In mathematics, an integral equation is an equation in which an unknown function appears under an integral sign. There is a close connection between differential and integral equations, and some problems may be formulated either way. See, for example, Maxwell's equations.
The most basic type of integral equation is a Fredholm equation of the first type:
The notation follows Arfken. Here φ is an unknown function, f is a known function, and K is another known function of two variables, often called the kernel function. Note that the limits of integration are constant; this is what characterizes a Fredholm equation.
If the unknown function occurs both inside and outside of the integral, it is known as a Fredholm equation of the second type:
If one limit of integration is variable, it is called a Volterra equation. Thus Volterra equations of the first and second types, respectively, would appear as:
In all of the above, if the known function f is identically zero, it is called a homogeneous integral equation. If f is nonzero, it is called an inhomogeneous integral equation.
Numerical Solution 
It is worth noting that Integral Equations often do not have an analytical solution, and must be solved numerically. An example of this is evaluating the EFIE or MFIE equations over an arbitrarily shaped object in an electromagnetic scattering problem.
One method to solve numerically requires discretizing variables and replacing integral by a quadrature rule
for . Then we have a equations and variables system. By solving it we get the value of the variables .
Integral equations are classified according to three different dichotomies, creating eight different kinds:
- Limits of integration
- both fixed: Fredholm equation
- one variable: Volterra equation
- Placement of unknown function
- only inside integral: first kind
- both inside and outside integral: second kind
- Nature of known function f
- identically zero: homogeneous
- not identically zero: inhomogeneous
Integral equations are important in many applications. Problems in which integral equations are encountered include radiative energy transfer and the oscillation of a string, membrane, or axle. Oscillation problems may also be solved as differential equations.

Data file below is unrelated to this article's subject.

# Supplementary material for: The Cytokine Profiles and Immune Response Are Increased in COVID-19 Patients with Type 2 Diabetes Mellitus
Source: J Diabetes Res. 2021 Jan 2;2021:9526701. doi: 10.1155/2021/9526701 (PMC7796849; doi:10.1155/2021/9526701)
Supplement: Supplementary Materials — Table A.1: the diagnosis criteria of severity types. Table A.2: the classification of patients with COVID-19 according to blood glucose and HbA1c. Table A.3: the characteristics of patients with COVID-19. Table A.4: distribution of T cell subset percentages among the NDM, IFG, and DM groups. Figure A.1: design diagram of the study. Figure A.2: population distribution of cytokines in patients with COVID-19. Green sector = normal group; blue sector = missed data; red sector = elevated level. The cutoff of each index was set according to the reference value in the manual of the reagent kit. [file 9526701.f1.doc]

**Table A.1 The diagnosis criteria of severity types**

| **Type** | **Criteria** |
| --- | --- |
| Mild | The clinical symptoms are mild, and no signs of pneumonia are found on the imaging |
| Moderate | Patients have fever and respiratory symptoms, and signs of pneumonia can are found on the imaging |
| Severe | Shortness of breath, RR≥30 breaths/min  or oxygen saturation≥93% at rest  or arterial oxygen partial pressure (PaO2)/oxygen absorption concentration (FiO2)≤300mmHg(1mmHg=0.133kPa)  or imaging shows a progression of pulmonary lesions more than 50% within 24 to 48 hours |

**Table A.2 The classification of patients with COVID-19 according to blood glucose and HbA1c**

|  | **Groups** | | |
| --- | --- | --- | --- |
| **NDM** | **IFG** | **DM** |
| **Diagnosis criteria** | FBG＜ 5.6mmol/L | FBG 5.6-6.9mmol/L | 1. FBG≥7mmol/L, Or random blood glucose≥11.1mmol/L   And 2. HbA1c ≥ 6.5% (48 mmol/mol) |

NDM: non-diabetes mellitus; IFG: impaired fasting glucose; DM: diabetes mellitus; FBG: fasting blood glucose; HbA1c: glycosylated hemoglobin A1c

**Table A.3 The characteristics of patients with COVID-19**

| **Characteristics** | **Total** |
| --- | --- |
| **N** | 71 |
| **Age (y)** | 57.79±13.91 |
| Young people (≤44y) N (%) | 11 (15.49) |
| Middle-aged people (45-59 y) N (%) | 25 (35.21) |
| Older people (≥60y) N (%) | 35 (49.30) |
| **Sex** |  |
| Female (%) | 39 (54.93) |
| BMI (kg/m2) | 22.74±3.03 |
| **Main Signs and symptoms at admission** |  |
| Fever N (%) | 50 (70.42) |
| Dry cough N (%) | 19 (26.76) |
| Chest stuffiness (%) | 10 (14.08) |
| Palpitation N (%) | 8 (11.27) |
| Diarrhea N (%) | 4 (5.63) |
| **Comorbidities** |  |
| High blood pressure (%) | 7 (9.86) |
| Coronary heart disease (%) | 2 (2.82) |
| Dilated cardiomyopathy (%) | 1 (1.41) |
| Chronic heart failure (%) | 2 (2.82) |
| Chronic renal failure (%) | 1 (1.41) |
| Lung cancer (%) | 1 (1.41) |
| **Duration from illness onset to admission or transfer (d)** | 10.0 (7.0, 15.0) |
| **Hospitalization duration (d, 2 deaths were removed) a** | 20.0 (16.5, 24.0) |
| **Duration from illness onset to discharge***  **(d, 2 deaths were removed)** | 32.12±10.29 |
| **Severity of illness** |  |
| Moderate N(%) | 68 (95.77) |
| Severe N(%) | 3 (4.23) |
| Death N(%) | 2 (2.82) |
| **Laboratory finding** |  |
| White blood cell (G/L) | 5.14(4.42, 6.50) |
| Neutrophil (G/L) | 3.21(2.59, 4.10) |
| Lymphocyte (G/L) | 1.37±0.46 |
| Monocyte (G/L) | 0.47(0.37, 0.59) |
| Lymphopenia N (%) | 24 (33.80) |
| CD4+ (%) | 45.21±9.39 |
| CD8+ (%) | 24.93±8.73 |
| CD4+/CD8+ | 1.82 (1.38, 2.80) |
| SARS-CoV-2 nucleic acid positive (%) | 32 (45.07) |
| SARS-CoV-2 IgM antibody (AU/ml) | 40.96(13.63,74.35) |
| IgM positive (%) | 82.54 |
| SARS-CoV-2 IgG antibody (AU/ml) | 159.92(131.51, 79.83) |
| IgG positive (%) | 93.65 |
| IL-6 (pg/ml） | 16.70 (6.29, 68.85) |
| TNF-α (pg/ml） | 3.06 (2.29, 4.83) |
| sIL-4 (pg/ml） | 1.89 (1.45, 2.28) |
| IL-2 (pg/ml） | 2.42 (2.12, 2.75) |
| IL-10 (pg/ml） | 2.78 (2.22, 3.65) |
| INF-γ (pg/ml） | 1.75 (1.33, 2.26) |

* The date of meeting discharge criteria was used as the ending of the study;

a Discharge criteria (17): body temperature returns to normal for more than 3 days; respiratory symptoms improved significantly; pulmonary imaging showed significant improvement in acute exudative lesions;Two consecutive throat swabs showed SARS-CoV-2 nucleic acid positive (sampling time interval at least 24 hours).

Both Fredholm and Volterra equations are linear integral equations, due to the linear behaviour of φ(x) under the integral. A nonlinear Volterra integral equation has the general form:
where F is a known function.
Wiener-Hopf integral equations 
Originally, such equations were studied in connection with problems in radiative transfer, and more recently, they have been related to the solution of boundary integral equations for planar problems in which the boundary is only piecewise smooth.
Integral equations as a generalization of eigenvalue equations 
where is a matrix, is one of its eigenvectors, and is the associated eigenvalue.
Taking the continuum limit, by replacing the discrete indices and with continuous variables and , gives
where the sum over has been replaced by an integral over and the matrix and vector have been replaced by the 'kernel' and the eigenfunction . (The limits on the integral are fixed, analogously to the limits on the sum over .) This gives a linear homogeneous Fredholm equation of the second type.
In general, can be a distribution, rather than a function in the strict sense. If the distribution has support only at the point , then the integral equation reduces to a differential eigenfunction equation.
- Kendall E. Atkinson The Numerical Solution of integral Equations of the Second Kind. Cambridge Monographs on Applied and Computational Mathematics, 1997.
- George Arfken and Hans Weber. Mathematical Methods for Physicists. Harcourt/Academic Press, 2000.
- Andrei D. Polyanin and Alexander V. Manzhirov Handbook of Integral Equations. CRC Press, Boca Raton, 1998. ISBN 0-8493-2876-4.
- E. T. Whittaker and G. N. Watson. A Course of Modern Analysis Cambridge Mathematical Library.
- M. Krasnov, A. Kiselev, G. Makarenko, Problems and Exercises in Integral Equations, Mir Publishers, Moscow, 1971
- Press, WH; Teukolsky, SA; Vetterling, WT; Flannery, BP (2007). "Chapter 19. Integral Equations and Inverse Theory". Numerical Recipes: The Art of Scientific Computing (3rd ed.). New York: Cambridge University Press. ISBN 978-0-521-88068-8.